Interviewing is challenging. Duh. But I really thought that I'd be pretty good at this right away, and I wasn't. It's a craft that demands practice. I hope to do more of it in the future, if you'll allow.
Take to time to explore things deeply. This is critical to finding your path at work, in life, in the woods, wherever. And, yet, it's so hard to do this if you have a Nintendo Switch (that's why I still only have a Super Nintendo). Our guests found this time in many different ways (from sabbaticals to switching teams at work to taking online courses).
Find a friend who's way smarter than you and spend time with them. This is me talking about Oz, by the way. Every time I hang out with Oz, I learn something about computers or education or whatever that blows my mind and leaves with an even bigger backlog reading list. Thanks for season one, Oz!
And, with that, the retrospective is complete! Onto the shownotes and audio. There are links to amazing things below, and I hope you find them useful in your travels. Here's a short preview of the ones that kept coming up again and again, which probably means something that I'll leave to the reader as an exercise:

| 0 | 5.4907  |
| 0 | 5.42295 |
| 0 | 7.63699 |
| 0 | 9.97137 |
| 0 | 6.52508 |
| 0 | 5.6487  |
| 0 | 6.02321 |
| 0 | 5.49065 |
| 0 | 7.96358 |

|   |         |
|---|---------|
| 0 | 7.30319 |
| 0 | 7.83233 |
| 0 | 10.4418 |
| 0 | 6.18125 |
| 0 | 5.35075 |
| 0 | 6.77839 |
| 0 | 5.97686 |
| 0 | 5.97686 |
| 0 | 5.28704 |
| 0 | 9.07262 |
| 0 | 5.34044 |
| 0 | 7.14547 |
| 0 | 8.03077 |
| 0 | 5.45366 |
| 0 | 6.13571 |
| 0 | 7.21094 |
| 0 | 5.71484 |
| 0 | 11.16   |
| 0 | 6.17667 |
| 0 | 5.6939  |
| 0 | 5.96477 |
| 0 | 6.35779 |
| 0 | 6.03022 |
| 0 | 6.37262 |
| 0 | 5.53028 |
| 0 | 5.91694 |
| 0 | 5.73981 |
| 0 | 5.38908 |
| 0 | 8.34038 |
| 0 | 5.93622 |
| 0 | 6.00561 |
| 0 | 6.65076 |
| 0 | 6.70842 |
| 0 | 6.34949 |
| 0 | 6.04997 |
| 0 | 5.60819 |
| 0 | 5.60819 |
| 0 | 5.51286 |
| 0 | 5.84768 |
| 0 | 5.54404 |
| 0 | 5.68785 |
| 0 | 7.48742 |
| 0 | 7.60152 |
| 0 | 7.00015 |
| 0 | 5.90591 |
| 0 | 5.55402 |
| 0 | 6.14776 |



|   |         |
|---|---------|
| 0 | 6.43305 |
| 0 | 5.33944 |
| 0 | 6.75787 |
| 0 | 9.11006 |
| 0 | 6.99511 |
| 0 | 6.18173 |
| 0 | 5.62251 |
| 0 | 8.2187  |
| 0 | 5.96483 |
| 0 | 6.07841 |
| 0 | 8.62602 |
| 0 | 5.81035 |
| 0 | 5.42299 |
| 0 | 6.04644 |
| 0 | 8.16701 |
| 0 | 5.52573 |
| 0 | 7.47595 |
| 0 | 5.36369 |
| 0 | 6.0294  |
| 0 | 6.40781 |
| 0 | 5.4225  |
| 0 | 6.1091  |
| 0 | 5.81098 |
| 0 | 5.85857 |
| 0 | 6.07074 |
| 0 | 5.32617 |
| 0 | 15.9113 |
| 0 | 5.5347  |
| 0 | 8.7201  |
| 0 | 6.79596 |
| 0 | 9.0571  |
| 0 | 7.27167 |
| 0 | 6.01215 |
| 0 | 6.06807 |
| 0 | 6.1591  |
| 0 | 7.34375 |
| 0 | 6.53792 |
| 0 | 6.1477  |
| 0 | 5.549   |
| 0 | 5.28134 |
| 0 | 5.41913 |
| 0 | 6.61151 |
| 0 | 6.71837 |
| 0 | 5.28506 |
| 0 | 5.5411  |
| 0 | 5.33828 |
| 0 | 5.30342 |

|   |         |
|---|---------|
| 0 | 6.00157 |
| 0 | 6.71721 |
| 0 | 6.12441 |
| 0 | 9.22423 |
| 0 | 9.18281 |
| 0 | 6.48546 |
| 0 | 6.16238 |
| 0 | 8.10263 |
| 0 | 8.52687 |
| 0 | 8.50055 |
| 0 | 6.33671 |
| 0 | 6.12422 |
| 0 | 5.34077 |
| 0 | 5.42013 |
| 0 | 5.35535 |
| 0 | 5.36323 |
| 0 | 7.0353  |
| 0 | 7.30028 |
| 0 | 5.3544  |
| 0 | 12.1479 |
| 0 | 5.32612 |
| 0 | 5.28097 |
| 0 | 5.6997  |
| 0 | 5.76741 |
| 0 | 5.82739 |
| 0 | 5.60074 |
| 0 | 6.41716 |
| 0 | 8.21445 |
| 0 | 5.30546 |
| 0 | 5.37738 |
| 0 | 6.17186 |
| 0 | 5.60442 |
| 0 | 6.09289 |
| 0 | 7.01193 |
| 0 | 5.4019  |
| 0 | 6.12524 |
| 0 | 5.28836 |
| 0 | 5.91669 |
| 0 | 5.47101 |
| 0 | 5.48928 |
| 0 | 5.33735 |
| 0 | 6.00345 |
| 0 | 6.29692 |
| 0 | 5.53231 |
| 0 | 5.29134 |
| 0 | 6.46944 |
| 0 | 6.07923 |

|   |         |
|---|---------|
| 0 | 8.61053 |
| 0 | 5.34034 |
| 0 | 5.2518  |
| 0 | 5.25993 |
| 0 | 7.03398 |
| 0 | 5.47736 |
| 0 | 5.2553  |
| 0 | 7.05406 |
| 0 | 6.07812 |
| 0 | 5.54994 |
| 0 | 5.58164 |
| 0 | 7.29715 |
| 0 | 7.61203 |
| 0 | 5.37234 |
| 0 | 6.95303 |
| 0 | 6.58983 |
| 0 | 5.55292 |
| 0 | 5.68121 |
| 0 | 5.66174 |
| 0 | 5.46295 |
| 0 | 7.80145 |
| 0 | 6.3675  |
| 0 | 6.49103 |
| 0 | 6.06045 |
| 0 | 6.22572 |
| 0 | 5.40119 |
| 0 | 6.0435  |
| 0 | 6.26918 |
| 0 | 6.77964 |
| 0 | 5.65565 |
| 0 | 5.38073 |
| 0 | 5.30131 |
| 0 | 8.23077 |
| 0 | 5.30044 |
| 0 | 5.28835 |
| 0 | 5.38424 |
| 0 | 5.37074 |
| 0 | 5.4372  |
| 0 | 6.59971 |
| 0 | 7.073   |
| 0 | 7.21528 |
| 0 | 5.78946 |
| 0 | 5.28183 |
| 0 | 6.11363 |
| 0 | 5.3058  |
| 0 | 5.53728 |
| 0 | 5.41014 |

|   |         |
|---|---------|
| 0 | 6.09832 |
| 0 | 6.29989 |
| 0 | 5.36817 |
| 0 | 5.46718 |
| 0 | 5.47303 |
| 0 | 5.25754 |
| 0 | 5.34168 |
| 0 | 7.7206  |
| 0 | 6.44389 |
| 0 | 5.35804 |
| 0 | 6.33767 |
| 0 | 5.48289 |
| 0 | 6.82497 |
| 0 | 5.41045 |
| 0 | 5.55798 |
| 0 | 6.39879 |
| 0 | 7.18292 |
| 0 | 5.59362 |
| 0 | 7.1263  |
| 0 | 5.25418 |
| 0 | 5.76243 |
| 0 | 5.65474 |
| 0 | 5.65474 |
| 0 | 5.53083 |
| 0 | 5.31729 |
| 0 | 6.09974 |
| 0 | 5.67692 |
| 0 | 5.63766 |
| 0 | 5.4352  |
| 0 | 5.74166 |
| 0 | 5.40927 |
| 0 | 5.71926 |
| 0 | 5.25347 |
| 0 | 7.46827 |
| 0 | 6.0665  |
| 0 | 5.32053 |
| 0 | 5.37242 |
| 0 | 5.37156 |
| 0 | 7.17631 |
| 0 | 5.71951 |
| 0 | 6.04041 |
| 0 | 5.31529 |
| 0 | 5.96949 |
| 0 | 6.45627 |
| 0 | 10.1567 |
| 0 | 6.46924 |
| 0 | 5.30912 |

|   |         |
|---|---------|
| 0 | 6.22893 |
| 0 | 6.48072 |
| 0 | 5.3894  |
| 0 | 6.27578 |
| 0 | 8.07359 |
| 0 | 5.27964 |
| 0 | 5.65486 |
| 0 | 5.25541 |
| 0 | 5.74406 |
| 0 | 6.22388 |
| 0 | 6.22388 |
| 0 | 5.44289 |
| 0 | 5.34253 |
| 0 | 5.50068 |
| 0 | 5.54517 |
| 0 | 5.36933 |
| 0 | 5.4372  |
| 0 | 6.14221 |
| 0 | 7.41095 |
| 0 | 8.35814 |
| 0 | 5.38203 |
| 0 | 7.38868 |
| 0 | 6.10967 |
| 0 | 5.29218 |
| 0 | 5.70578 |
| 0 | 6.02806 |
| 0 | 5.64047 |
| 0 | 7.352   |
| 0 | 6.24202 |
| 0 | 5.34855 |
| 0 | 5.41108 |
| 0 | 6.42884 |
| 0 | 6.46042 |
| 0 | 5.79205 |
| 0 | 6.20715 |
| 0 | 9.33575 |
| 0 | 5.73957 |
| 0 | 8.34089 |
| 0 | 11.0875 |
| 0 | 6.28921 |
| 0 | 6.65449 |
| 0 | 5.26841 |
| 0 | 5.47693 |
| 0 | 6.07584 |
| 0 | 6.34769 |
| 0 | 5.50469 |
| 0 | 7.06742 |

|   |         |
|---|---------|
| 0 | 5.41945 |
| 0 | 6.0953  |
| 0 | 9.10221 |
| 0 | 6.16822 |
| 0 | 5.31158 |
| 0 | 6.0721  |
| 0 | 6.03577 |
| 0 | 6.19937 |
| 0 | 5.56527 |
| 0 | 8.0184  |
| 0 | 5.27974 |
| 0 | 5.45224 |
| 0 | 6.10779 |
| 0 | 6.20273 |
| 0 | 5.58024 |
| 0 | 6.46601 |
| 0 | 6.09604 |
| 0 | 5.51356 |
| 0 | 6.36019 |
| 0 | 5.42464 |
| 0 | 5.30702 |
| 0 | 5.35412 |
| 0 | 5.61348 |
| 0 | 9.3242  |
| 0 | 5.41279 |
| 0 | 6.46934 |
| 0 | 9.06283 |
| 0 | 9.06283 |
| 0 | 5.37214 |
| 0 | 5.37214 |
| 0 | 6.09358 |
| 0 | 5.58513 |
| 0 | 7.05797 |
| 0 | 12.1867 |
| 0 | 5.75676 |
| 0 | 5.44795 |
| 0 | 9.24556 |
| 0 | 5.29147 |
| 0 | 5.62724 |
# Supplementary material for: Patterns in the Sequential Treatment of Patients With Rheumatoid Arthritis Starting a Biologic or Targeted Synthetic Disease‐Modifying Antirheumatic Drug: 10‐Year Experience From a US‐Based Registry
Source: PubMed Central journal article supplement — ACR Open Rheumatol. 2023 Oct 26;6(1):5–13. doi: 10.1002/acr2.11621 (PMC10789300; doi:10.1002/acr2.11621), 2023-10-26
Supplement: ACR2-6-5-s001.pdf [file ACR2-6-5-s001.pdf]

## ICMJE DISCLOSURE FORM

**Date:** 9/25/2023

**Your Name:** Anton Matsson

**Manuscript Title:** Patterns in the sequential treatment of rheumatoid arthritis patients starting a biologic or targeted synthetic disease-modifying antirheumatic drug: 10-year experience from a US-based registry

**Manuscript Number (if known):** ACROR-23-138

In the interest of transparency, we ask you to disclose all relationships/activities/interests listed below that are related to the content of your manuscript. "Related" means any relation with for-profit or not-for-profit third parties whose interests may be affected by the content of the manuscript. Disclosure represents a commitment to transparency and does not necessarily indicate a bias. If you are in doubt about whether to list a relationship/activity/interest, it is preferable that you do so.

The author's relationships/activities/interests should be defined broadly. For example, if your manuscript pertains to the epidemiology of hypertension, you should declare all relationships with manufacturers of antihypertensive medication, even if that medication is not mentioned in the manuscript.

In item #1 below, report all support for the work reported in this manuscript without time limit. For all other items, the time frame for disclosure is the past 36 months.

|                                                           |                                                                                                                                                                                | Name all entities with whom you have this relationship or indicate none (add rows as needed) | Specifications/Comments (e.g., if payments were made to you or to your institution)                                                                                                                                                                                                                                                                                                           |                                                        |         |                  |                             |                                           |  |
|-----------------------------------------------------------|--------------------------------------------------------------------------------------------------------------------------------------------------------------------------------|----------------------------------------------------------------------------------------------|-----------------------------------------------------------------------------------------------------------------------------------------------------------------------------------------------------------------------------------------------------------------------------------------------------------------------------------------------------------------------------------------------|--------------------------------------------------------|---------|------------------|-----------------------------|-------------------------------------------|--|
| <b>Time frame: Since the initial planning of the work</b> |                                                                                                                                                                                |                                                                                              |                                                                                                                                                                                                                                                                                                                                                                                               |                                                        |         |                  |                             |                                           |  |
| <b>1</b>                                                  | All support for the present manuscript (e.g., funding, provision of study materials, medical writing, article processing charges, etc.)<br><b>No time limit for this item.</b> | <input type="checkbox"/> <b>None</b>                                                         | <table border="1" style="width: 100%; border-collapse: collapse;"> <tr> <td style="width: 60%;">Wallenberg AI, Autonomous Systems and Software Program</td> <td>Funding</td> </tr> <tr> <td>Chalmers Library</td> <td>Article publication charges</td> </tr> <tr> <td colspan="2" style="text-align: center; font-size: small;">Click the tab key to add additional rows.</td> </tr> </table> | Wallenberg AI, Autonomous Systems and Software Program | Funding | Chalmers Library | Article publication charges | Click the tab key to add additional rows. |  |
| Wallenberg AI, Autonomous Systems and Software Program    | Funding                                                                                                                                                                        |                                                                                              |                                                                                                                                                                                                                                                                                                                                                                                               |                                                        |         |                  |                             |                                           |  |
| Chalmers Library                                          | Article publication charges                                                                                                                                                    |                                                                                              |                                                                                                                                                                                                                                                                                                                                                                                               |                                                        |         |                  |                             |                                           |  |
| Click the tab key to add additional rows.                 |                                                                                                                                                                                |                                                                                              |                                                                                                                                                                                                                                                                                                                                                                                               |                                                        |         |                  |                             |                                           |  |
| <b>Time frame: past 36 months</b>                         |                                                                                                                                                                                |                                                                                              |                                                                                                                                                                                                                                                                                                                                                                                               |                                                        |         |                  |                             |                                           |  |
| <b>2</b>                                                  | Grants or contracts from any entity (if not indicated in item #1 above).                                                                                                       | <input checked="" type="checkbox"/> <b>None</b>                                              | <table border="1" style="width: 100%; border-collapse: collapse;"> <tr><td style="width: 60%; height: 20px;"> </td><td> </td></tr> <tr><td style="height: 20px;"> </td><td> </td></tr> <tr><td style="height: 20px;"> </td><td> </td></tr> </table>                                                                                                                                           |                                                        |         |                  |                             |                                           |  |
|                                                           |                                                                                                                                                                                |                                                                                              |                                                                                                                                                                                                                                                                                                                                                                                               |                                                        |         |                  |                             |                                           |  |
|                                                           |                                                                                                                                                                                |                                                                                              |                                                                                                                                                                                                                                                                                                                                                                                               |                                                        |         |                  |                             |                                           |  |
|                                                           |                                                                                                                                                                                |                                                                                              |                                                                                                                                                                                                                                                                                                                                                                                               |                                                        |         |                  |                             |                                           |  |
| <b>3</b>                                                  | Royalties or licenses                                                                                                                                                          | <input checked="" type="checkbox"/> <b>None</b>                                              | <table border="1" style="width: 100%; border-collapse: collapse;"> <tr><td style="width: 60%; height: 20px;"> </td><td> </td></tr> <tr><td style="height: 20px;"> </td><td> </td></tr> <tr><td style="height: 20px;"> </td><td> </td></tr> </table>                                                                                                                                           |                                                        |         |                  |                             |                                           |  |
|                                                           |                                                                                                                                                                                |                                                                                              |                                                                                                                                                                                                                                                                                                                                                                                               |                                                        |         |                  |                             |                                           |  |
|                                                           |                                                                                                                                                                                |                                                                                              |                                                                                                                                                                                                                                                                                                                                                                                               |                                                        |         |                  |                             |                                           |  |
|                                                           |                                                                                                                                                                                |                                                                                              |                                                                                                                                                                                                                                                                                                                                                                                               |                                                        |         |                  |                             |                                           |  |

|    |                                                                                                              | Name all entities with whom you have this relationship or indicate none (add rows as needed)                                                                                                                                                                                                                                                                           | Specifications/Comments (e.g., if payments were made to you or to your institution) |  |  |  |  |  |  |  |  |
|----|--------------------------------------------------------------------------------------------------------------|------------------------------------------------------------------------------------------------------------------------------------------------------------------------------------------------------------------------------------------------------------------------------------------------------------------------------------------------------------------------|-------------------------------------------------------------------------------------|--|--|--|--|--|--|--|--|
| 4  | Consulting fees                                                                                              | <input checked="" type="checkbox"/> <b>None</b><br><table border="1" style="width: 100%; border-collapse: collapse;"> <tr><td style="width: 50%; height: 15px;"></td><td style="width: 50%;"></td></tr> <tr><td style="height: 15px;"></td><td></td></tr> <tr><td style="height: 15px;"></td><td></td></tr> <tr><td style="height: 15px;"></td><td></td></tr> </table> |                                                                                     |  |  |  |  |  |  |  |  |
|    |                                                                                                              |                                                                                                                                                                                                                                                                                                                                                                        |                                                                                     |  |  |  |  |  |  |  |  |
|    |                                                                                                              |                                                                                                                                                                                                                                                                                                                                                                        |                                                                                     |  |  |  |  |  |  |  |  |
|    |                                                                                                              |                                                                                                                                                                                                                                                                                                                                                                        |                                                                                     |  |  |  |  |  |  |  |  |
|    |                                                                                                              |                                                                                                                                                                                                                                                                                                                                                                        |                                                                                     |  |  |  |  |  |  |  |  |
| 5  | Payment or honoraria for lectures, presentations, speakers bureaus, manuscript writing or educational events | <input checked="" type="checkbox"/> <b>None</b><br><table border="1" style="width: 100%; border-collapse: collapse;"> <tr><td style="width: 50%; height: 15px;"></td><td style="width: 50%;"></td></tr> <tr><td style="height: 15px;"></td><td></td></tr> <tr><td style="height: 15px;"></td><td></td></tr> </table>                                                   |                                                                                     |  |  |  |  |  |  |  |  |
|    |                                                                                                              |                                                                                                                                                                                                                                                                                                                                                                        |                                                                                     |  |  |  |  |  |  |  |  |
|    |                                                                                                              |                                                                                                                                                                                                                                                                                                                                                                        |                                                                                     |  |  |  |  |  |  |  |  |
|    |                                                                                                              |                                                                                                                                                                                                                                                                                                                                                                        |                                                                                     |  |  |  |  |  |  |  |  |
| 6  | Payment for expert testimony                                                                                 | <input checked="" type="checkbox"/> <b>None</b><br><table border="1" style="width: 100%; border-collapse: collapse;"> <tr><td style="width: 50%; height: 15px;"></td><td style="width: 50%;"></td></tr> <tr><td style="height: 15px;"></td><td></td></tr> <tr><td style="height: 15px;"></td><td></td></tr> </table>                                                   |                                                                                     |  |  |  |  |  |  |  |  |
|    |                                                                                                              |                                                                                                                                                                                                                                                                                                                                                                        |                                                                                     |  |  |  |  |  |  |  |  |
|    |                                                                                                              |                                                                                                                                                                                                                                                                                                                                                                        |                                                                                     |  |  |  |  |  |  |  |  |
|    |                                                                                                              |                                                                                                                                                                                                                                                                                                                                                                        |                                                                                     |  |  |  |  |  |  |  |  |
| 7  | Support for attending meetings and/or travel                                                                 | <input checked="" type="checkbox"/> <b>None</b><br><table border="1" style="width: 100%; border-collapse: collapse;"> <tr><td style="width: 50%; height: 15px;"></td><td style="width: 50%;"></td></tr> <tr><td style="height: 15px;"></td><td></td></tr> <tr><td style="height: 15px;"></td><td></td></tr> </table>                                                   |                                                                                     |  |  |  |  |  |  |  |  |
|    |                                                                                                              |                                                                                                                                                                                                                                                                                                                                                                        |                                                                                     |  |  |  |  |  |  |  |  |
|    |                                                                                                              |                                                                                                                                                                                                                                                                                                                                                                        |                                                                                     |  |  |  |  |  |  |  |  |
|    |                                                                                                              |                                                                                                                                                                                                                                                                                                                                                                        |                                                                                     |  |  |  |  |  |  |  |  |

Felix Tripier is a software engineer at a quantum computing company. He's also eating cold lasagna out of a coffee mug.
Find out how Felix Tripier went from high-school and college dropout (watch out Silicon Valley, he's a double-dropout) to working as web developer at several Bay Area startups to presenting his open-source research at a quantum computing conference, leading to his current gig as a software engineer at IonQ, a quantum computing company. Charlie and Oz dig into Felix's study habits and learning goals, briefly dip into theoretical computing topics before coming up for air, and altogether forget to introduce themselves, Felix, or the podcast itself.
Links and resources:
Richard Hamming, "You And Your Research"
Roo Harrigan is the Strategic Engineering Projects Lead at Slack. She’s also the self-proclaimed Mentor Queen.
Find out how Roo Harrigan went from an all-around generalist (product manager, project manager, sales demo'er, customer support agent) to a software engineer on the platform team at Slack, and now the Strategic Engineering Projects Lead reporting to Slack's CTO. Charlie and Oz dig into about Roo's tips for finding mentors, achieving flow state, and onboarding engineers. We also learn that Oz has never worked in the food services industry. Oh, and they remember to introduce themselves and Roo at the beginning. Progress!